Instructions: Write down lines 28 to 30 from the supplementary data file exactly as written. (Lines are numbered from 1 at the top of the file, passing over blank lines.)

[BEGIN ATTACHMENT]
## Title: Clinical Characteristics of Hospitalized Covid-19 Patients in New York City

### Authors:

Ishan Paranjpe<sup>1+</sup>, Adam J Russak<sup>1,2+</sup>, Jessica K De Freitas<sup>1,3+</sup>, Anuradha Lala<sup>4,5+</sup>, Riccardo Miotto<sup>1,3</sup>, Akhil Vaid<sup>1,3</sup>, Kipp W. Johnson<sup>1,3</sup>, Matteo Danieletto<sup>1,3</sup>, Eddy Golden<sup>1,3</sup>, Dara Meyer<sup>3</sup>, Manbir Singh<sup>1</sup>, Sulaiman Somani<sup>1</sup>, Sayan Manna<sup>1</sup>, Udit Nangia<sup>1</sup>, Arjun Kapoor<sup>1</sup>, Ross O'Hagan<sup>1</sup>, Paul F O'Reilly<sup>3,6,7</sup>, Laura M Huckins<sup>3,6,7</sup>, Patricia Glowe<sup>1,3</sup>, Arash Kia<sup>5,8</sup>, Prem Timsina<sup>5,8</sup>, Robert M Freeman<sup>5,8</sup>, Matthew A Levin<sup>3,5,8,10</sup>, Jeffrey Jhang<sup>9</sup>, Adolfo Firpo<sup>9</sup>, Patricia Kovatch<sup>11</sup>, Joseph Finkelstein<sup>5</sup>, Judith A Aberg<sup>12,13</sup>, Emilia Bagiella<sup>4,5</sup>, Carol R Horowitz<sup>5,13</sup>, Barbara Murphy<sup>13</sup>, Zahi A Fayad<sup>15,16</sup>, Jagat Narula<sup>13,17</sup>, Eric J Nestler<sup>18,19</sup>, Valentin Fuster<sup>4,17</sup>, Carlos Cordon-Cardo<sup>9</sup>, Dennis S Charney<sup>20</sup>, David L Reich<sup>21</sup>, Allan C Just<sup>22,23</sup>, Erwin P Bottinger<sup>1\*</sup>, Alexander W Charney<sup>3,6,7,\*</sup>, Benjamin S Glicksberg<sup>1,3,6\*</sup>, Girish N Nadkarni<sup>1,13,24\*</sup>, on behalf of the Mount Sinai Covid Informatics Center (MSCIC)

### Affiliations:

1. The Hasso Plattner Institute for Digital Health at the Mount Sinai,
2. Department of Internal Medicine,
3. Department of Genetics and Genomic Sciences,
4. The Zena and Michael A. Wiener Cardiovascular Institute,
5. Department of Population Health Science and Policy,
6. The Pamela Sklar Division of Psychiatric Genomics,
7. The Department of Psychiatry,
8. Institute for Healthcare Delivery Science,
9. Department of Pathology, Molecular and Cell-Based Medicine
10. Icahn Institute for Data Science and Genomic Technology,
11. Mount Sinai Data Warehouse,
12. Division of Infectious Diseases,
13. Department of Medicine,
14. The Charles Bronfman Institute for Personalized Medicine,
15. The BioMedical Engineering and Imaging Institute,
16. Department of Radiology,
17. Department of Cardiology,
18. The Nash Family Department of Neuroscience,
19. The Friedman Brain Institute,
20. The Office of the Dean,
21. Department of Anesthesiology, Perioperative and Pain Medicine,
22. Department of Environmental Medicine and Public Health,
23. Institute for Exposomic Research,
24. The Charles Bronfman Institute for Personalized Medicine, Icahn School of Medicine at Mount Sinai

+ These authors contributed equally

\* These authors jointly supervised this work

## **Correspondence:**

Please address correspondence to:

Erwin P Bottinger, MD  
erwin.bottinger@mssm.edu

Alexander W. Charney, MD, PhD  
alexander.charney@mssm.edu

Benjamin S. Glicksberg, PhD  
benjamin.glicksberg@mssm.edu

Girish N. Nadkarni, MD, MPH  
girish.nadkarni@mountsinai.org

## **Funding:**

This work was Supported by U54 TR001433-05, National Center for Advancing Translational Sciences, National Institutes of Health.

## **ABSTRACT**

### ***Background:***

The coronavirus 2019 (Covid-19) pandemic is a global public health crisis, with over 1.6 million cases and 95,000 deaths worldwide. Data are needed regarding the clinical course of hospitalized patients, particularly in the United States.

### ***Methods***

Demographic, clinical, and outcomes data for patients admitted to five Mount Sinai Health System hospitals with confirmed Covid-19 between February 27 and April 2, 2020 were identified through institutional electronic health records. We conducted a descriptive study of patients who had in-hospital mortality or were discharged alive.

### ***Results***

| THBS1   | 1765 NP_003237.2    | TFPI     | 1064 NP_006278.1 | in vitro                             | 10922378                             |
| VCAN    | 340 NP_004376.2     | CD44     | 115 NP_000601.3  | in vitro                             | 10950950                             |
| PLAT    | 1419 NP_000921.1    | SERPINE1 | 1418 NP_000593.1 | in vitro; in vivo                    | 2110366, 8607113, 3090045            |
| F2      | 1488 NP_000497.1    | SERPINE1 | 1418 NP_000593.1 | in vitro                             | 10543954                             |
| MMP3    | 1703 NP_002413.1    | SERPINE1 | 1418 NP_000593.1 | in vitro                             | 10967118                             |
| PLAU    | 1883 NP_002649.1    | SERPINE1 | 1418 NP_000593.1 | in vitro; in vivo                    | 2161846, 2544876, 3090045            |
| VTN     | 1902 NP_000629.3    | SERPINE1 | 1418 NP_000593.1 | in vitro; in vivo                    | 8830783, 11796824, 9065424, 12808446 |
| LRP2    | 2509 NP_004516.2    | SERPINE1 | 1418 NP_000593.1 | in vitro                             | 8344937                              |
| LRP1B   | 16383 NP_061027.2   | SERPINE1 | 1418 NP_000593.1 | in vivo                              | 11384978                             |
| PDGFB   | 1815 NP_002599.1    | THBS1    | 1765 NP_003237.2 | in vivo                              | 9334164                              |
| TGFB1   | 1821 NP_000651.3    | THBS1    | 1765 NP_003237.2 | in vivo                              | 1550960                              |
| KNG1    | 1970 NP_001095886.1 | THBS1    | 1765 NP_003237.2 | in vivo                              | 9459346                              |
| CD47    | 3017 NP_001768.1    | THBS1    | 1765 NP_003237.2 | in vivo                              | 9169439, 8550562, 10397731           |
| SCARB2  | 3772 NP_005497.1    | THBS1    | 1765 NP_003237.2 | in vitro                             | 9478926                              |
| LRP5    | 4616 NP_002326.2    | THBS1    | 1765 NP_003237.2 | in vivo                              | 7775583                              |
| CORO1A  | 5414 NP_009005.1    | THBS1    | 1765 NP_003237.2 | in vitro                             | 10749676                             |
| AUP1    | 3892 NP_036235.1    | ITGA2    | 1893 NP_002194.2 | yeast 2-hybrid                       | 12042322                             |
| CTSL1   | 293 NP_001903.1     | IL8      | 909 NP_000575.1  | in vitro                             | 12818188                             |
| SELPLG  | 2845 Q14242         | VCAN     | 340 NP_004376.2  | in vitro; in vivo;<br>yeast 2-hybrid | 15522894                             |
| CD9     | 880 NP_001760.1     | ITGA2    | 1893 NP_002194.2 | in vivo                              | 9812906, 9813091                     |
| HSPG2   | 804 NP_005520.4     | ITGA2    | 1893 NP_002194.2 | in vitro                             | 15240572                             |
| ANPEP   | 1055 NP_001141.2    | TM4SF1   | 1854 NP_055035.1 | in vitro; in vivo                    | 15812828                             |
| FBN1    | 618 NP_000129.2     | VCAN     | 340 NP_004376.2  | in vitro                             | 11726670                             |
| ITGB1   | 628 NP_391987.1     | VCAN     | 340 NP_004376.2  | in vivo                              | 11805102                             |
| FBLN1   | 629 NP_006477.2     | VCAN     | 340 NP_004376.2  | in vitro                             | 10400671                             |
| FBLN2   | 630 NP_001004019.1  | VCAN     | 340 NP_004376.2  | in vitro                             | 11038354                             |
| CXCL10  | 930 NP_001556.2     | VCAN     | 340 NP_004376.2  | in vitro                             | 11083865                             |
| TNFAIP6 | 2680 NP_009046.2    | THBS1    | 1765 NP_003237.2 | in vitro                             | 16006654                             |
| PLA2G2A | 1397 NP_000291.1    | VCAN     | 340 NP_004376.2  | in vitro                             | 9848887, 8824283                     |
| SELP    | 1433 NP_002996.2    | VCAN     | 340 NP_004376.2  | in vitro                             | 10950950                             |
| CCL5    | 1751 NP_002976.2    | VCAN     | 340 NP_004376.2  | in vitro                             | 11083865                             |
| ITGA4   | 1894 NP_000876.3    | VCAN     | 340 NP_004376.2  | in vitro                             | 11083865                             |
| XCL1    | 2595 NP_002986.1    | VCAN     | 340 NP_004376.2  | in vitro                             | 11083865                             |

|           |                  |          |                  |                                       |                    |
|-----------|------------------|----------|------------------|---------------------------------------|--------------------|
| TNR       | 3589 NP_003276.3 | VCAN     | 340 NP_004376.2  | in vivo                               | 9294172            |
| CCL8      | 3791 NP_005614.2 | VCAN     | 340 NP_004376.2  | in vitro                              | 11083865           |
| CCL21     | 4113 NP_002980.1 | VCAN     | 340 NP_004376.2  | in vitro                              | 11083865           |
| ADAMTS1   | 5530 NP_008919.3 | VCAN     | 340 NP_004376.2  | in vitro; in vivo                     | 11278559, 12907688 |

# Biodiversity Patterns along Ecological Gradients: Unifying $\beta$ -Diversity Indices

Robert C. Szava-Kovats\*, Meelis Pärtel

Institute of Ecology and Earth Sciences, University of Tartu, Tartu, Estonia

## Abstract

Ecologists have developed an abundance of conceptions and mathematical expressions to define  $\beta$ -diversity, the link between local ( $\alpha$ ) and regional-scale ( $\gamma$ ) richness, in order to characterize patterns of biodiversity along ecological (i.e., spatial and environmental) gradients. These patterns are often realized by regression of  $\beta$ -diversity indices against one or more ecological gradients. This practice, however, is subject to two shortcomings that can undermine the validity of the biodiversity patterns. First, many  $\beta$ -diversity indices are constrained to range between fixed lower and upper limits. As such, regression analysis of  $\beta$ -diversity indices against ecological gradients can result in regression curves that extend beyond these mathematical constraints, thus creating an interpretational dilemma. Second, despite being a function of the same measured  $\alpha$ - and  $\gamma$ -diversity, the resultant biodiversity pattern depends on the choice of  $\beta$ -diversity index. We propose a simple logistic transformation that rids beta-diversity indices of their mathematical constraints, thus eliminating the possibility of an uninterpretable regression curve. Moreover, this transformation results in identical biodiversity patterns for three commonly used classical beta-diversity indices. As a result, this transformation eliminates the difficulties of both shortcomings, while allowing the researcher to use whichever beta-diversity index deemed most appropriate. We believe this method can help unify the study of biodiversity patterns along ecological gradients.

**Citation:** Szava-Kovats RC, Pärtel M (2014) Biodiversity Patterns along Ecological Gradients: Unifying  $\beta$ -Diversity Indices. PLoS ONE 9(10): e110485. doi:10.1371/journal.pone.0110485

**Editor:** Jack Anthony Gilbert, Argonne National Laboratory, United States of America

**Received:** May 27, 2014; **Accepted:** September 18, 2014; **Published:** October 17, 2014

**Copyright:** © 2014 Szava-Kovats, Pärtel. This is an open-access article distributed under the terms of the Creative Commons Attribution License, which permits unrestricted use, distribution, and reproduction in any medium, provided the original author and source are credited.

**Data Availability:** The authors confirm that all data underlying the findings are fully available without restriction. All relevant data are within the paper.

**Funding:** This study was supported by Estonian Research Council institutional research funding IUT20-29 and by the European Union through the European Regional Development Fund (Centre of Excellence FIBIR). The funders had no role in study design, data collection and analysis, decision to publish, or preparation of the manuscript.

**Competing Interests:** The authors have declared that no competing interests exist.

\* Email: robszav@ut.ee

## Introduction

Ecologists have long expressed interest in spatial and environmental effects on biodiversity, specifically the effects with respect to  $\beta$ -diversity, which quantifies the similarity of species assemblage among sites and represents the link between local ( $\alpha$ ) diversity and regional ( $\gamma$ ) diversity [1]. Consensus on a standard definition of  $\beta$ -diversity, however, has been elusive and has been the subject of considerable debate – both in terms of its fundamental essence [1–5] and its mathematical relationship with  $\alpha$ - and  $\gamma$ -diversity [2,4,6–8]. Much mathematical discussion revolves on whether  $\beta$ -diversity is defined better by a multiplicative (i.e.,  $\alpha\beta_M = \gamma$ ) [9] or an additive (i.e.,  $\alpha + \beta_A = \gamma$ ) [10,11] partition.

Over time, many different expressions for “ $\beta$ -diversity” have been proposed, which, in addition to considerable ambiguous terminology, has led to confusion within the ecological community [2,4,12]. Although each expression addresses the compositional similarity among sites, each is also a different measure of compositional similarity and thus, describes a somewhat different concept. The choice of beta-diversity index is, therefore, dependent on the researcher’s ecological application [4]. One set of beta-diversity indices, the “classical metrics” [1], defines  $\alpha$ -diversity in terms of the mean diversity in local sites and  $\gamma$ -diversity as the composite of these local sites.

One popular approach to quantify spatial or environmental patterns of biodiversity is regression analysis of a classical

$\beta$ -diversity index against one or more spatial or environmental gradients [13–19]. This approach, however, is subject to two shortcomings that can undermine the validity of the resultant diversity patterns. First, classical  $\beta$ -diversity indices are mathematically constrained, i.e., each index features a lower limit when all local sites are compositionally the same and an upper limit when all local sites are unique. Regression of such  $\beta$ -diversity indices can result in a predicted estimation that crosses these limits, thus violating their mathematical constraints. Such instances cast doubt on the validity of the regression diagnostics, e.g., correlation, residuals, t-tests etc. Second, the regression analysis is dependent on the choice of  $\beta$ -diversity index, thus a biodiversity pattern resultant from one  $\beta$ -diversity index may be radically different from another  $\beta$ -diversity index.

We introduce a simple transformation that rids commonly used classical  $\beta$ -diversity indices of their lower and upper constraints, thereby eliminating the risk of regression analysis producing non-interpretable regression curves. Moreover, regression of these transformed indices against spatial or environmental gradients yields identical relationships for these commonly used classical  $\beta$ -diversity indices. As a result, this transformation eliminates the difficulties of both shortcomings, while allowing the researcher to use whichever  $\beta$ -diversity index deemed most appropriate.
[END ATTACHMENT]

24. The Charles Bronfman Institute for Personalized Medicine, Icahn School of Medicine at Mount Sinai

+ These authors contributed equally

\* These authors jointly supervised this work